The Catholic Shakespeare
Interview With Author Joseph Pearce
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By Carrie Gress
NAPLES, Florida, JULY 8, 2008 (Zenit.org).- There is mounting evidence that William Shakespeare was a Catholic, says author Joseph Pearce.
In this interview with ZENIT Pearce discusses his latest book, "The Quest for Shakespeare: The Bard of Avon and the Church of Rome" (Ignatius Press), where he pieces together evidence of Shakespeare's Catholic faith from his life and writings.
Q: Clare Asquith's book "Shadowplay: The Hidden Beliefs and Coded Politics of Shakespeare" is perhaps best known as putting forth the thesis that William Shakespeare was a Catholic. Have there been others throughout history that also believed this?
Pearce: There is a long and illustrious history of Shakespeare scholars who have come to the conclusion that the Bard was a Catholic. From Richard Simpson's pioneering work in the 19th century the belief that Shakespeare was a believing Catholic has been reinforced by subsequent scholarly detective work. These scholar-detectives include Jesuit Father Herbert Thurston, Mutschmann and Wentersdorf, John Henry de Groot, Ian Wilson, another Jesuit, Father Peter Milward, Hildegard Hammerschmidt-Hummel and, of course, the aforementioned Clare Asquith.
Q: Why has this element of Shakespeare's life been so overlooked by most Shakespearean scholars? Many believing him to be above religion, something of a secular humanist or enlightened atheist?
Pearce: In recent years, even secular scholars have been forced to address the mounting evidence that Shakespeare was a Catholic, though many remain in obstinate denial.
The reason that Shakespeare's Catholicism has been largely unknown is due to a combination of factors. First, Catholicism was illegal in Shakespeare's time, which necessitated that all Catholics had to keep the practice of their faith a secret.
Second, the evidence for the Bard's Catholicism was studiously ignored by Shakespeare scholars during the two centuries following his death due to the anti-Catholic bias of scholars during this period. Third, much of the irrefutable documentary evidence for Shakespeare's Catholicism did not come to light, or was not properly understood, until fairly recently.
Finally, the belief that Shakespeare was a secular humanist or an atheist is due to a subjective misreading of his work by secular critics, who see only their own prejudices reflected in his plays. These misreadings are exposed by the weight of documented historical evidence that Shakespeare was a believing Catholic.
Q: As a Catholic and an Englishman, what kind of new research and insights were you able to bring together what you call the jigsaw puzzle of Shakespeare's Catholic life?
Pearce: I believe that my position as a Catholic Englishman has assisted me greatly in my research on Shakespeare's Catholicism. I know my country's history and was very "at home" in the Elizabethan and Jacobean periods that are the subject of my book.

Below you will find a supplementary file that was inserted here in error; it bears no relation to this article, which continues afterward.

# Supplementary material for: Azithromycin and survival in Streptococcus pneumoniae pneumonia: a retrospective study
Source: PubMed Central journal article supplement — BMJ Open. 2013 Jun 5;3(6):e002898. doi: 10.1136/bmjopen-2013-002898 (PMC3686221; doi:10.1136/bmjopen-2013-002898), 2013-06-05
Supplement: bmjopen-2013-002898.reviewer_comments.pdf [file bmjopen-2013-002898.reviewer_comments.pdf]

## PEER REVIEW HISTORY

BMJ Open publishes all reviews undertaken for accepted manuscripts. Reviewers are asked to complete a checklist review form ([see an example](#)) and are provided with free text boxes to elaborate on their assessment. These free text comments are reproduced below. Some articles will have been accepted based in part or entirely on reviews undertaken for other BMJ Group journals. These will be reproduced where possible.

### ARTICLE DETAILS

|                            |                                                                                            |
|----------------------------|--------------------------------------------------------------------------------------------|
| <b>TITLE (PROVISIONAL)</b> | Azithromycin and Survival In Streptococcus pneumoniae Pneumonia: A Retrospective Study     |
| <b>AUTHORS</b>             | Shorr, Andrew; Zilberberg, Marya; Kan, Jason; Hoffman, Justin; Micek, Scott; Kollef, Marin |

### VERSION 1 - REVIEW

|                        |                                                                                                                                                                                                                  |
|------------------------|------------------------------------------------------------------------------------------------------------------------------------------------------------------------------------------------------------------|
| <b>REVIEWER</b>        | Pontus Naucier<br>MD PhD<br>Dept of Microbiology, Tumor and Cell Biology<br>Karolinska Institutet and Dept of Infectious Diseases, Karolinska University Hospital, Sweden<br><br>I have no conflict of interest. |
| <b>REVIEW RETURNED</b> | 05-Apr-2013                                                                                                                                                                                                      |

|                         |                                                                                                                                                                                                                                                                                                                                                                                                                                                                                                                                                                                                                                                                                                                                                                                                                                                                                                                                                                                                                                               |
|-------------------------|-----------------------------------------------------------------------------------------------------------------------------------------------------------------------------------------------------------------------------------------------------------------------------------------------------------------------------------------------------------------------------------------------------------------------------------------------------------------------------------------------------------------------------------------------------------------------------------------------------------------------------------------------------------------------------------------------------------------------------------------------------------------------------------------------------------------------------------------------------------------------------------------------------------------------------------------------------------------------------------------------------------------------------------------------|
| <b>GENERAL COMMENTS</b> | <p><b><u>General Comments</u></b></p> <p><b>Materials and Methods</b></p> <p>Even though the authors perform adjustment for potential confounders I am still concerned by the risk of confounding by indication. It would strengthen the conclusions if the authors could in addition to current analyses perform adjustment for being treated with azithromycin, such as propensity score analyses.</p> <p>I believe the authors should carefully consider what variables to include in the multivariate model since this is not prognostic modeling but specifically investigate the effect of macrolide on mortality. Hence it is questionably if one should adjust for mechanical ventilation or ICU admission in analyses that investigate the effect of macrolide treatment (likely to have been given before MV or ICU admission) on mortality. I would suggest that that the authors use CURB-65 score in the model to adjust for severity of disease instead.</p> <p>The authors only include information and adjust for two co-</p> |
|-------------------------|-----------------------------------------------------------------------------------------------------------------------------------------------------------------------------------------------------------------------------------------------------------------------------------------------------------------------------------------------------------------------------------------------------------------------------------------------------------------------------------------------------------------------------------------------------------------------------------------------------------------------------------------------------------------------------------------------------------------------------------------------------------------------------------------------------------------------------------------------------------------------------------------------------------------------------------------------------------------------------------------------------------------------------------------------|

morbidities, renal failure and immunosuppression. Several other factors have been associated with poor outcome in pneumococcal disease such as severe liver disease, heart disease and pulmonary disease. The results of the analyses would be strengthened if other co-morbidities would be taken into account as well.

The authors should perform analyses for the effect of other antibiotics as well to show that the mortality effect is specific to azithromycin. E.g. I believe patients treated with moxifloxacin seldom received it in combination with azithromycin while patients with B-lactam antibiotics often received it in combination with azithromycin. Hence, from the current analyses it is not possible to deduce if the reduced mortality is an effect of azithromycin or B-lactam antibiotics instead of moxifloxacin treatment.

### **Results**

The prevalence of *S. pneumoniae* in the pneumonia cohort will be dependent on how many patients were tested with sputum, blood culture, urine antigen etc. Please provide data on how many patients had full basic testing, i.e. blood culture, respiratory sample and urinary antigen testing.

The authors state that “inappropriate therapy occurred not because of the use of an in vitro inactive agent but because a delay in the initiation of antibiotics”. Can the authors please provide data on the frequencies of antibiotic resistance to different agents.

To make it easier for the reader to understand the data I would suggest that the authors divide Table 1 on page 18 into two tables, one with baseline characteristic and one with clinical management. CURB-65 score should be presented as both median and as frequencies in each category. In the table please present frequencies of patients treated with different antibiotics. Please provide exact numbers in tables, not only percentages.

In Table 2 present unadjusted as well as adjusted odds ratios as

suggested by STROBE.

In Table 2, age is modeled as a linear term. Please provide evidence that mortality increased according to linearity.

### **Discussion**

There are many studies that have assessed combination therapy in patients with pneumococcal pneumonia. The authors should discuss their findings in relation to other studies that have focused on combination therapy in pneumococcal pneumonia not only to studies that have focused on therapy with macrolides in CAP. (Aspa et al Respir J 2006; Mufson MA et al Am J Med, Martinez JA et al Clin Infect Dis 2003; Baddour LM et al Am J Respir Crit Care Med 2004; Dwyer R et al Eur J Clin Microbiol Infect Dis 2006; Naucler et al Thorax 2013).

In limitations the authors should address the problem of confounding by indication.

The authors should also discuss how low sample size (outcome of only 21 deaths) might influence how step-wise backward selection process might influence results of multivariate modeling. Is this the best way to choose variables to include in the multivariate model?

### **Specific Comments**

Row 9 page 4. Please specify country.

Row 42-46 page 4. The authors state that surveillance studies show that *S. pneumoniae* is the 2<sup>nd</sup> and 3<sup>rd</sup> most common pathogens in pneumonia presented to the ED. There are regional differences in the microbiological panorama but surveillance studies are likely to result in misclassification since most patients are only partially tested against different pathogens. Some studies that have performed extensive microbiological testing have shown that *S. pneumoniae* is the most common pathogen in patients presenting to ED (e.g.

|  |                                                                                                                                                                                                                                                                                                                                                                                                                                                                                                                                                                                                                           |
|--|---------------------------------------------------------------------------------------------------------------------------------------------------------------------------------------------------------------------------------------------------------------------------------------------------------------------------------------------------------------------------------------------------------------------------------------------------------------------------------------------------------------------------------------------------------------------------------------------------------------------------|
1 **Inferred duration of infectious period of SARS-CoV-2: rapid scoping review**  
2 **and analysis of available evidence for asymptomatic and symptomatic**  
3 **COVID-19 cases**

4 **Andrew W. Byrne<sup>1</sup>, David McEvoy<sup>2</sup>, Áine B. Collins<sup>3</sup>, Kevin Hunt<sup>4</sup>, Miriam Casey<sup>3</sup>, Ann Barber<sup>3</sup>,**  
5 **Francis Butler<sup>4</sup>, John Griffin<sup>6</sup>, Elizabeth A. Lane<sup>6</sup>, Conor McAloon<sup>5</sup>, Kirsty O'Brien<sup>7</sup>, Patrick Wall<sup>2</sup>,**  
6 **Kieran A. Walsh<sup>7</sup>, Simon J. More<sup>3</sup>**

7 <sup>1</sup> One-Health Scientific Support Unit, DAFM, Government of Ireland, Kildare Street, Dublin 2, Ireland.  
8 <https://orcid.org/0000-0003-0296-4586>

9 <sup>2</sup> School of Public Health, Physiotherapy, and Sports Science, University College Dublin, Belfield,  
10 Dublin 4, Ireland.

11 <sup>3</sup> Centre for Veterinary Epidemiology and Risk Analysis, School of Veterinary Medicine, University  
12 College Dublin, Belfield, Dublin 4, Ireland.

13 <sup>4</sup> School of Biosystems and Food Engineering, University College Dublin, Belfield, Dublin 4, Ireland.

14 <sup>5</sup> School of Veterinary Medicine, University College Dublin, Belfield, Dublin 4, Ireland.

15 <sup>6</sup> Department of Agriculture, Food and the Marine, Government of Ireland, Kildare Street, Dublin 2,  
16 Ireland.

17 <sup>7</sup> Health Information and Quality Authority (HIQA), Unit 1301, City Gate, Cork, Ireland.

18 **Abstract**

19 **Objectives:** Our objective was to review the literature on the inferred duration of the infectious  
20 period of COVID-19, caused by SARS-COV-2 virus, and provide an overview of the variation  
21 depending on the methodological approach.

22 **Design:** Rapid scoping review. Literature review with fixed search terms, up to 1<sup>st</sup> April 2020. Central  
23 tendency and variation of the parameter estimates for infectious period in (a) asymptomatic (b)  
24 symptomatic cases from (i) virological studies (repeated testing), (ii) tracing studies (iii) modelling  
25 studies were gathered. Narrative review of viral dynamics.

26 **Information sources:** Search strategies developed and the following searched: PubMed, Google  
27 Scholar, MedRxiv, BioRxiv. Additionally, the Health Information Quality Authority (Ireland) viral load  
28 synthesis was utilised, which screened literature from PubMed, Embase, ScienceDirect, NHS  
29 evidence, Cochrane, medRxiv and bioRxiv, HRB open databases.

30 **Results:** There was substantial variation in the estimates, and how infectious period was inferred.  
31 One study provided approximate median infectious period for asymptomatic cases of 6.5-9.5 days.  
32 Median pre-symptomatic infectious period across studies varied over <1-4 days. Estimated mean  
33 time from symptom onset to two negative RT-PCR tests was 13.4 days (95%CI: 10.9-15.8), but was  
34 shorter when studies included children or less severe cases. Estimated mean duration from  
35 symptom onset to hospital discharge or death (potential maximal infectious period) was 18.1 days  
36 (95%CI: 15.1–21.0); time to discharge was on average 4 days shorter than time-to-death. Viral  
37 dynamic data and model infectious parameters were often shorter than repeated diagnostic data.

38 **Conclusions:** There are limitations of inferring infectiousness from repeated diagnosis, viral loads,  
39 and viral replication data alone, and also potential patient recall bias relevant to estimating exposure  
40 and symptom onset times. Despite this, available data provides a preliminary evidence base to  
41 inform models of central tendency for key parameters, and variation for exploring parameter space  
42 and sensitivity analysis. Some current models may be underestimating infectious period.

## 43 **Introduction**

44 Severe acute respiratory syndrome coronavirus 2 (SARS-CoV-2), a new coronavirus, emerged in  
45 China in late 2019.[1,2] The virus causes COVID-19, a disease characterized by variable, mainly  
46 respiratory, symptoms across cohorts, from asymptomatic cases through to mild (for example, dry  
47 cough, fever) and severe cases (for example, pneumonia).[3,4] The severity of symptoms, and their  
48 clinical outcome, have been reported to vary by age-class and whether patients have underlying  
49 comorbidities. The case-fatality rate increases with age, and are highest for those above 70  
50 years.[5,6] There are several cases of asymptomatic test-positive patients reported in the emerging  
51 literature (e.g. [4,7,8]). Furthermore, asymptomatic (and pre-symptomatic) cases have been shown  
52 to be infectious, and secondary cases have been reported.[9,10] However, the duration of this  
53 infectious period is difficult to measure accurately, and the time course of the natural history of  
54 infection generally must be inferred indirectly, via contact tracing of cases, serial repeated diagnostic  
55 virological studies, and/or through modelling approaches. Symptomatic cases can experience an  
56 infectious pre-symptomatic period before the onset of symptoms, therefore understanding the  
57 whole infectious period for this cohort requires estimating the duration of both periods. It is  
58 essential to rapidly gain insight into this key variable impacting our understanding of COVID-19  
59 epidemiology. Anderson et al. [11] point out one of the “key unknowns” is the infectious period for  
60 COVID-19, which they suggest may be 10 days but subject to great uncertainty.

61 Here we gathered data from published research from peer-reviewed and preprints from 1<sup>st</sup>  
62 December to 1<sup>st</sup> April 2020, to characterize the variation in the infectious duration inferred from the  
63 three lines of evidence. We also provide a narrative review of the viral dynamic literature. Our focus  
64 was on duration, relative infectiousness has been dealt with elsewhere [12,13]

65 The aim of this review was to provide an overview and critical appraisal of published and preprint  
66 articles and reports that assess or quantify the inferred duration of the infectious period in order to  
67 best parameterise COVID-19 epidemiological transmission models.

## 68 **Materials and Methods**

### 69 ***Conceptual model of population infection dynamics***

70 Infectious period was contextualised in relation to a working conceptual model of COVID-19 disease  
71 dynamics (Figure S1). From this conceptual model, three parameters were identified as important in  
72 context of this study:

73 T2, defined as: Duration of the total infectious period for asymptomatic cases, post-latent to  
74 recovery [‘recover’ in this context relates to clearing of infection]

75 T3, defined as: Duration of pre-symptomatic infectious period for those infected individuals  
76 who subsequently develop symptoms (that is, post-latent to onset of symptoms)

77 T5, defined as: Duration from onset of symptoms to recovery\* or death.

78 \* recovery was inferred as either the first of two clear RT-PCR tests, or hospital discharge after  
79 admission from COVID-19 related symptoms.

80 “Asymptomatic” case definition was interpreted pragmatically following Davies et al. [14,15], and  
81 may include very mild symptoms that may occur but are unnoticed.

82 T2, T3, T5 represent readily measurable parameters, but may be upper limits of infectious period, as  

The chief value of my book is that it assembles the vast wealth of evidence within the pages of a single volume. Prior to the publication of "The Quest for Shakespeare" it was necessary to read many separate works in order to assemble all the pieces of the jigsaw together. Now all the pieces are available in one place!
As for new insights, I believe that my book contains a number of such insights, interpreting the evidence in a way that has not been done previously. Perhaps the most obvious way in which my insights differ from those of most other scholars of Shakespeare's Catholicism is my belief that he was considered to be a "safe" Catholic by Queen Elizabeth and King James. I believe that his Catholicism was not unknown but was an open secret, which was tolerated by the powers-that-be.
Q: What kind of evidence can be found for his Catholicism in his family?
Pearce: The evidence that Shakespeare's family were militantly and devoutly Catholic is overwhelming. His mother's family was one of the most notorious Catholic families in England, and several of Shakespeare's cousins were executed for their involvement in so-called Catholic plots. Shakespeare's father was fined for his Catholicism, as was Shakespeare's daughter, Susanna. The discovery of a spiritual will, signed by Shakespeare's father, also points unequivocally to his Catholicism.
Q: Was the access his plays had to Queen Elizabeth's court not evidence that he had embraced he state religion of Anglicanism?
Pearce: Many known Catholics, considered to be "safe" by the Queen, had access to the court. These include William Byrd, the court composer, who was a known and an unabashed Catholic, and also the Earl of Southampton, Shakespeare's benefactor, who was a favorite of the Queen in spite of his Catholicism. It is, therefore, not an argument against Shakespeare's Catholicism that his plays were performed for the Queen.
Q: You make the case that Shakespeare's life was a constant tightrope walk between convenience and conviction. How so? Was this evidenced in his plays?
Pearce: The tension of this "tightrope," in which Shakespeare tried to keep his balance between expressing his beliefs without finding himself condemned for them, is evident in the tortured tension in his plays. Although the Catholicism is in evidence, it is always expressed in a circumspect way, and this subtlety and circumspection is the reason for the plays being so often misread by secular critics. The Catholicism is certainly in the plays, however, and a true critical reading of the plays will discover the wealth of Catholic morality that is present.
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On the Net:
"The Quest for Shakespeare": www.ignatius.com/questforshakespeare/